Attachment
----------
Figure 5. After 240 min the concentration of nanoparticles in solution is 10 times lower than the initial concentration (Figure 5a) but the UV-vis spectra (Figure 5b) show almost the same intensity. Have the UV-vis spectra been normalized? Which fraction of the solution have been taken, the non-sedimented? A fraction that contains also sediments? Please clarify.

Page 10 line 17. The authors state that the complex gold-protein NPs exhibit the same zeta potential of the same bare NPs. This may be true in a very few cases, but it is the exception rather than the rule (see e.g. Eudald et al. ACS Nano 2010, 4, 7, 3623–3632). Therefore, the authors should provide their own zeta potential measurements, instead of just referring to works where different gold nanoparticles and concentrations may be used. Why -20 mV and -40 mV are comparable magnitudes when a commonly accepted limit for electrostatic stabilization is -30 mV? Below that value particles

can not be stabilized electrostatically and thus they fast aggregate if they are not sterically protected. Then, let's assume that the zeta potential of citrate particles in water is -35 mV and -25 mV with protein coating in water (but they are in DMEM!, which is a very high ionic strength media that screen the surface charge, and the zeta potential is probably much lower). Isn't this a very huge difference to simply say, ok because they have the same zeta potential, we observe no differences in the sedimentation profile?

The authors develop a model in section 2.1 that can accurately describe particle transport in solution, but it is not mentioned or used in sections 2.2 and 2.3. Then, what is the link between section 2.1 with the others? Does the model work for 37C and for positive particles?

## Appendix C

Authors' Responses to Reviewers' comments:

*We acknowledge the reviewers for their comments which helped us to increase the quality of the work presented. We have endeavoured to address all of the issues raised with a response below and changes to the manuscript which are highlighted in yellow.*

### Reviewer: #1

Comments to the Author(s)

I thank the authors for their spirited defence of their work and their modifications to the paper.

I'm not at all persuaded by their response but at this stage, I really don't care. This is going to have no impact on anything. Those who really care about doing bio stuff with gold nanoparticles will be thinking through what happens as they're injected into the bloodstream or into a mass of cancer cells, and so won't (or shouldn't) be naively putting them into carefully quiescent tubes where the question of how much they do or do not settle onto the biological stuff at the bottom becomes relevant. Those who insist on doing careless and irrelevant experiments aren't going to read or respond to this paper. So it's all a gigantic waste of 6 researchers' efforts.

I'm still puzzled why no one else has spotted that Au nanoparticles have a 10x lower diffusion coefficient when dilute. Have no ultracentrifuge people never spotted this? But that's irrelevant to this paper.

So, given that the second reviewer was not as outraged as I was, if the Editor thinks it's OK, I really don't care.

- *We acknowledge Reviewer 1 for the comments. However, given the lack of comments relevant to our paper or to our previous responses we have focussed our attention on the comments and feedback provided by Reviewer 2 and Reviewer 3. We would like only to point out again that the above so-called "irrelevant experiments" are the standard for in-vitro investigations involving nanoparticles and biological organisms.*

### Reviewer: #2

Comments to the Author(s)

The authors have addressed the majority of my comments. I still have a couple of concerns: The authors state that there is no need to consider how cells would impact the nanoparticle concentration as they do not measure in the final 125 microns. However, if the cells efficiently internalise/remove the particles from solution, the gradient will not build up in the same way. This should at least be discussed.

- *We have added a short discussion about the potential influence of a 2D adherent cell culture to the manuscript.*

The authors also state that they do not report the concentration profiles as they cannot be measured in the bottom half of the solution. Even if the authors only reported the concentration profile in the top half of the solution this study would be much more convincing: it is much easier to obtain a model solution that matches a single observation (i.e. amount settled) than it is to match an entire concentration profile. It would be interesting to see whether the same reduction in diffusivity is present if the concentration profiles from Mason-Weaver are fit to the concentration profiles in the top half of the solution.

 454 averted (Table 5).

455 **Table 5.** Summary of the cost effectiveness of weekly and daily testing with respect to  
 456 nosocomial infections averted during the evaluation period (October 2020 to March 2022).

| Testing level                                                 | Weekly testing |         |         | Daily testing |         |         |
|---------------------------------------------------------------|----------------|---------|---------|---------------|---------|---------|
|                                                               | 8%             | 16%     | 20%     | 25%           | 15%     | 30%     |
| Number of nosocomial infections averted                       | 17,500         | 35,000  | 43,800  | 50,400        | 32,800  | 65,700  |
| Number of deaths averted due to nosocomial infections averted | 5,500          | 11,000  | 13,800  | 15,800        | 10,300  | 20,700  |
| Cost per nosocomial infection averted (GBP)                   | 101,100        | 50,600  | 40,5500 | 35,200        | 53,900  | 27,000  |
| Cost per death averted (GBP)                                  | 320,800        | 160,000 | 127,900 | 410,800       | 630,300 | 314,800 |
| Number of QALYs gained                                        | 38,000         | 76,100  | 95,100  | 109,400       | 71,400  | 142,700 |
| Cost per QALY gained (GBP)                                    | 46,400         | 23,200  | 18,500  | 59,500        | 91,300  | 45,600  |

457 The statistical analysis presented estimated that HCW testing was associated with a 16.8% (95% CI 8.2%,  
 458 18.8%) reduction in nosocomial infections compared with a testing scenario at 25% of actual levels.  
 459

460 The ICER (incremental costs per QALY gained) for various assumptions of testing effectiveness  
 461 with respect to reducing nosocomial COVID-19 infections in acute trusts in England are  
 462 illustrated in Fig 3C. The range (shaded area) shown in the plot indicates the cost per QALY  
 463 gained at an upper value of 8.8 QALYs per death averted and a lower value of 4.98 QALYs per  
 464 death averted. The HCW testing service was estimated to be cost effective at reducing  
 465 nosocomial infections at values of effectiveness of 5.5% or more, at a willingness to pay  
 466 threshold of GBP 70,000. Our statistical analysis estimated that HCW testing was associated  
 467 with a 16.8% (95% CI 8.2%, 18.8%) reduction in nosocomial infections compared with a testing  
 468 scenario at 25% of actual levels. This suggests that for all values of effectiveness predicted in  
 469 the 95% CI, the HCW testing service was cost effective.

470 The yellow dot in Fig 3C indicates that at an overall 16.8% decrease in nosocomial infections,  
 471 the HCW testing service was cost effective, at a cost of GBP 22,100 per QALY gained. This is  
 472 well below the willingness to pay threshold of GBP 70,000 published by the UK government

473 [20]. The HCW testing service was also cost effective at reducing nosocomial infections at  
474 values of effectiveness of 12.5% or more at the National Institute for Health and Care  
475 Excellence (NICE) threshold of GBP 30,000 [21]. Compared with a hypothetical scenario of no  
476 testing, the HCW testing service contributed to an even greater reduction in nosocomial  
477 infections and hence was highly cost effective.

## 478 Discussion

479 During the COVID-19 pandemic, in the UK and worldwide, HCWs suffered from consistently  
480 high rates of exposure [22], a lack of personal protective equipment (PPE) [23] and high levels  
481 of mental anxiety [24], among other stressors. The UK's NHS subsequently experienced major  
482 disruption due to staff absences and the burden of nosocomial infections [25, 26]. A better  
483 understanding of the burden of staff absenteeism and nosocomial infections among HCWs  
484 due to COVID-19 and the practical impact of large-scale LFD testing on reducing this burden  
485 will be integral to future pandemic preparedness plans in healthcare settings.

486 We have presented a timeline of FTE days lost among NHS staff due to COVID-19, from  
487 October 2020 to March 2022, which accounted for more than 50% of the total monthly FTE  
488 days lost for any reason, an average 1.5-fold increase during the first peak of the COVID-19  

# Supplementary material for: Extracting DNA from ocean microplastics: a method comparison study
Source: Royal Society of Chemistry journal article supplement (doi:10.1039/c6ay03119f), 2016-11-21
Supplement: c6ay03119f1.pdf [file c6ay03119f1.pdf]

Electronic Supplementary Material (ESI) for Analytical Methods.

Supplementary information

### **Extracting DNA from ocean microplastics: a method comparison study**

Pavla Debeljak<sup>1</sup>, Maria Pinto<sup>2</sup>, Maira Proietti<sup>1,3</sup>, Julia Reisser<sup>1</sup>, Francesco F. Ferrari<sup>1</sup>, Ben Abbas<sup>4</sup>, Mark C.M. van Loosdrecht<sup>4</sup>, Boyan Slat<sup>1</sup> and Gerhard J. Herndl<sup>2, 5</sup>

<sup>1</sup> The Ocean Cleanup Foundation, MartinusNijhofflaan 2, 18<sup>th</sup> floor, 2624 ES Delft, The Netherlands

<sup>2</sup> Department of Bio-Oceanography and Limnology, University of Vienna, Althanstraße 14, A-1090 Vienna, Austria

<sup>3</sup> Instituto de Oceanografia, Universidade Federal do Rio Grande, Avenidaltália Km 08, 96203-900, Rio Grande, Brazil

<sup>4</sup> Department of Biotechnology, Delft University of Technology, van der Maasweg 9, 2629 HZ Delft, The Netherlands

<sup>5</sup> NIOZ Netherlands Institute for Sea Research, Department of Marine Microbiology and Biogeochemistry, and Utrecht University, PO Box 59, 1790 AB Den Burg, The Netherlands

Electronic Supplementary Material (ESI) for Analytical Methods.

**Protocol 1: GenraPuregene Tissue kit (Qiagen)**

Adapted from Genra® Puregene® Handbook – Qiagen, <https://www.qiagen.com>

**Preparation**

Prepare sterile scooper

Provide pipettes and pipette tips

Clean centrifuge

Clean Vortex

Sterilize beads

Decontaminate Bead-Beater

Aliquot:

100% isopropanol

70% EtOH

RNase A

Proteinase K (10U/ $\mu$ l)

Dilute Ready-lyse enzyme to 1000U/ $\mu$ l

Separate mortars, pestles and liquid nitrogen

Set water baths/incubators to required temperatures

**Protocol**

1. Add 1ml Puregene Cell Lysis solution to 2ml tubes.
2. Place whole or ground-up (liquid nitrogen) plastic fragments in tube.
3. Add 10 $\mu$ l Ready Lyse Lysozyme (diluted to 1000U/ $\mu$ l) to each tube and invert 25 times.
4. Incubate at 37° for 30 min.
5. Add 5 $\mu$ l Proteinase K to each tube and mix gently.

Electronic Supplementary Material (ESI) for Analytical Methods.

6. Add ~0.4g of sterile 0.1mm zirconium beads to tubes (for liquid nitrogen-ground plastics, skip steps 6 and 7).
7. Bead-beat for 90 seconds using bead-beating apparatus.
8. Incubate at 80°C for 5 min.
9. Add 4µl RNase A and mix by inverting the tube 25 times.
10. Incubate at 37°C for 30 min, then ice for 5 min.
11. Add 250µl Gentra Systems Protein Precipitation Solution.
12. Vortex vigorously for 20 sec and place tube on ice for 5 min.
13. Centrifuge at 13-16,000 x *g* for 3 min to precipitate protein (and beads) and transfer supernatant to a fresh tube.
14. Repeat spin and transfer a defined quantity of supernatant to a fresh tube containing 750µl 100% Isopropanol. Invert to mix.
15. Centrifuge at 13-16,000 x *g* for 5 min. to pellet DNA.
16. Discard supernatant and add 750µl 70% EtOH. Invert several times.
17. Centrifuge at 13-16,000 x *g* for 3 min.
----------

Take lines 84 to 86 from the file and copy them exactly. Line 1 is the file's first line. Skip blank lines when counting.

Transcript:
Sterilize beads

Decontaminate Bead-Beater

Aliquot: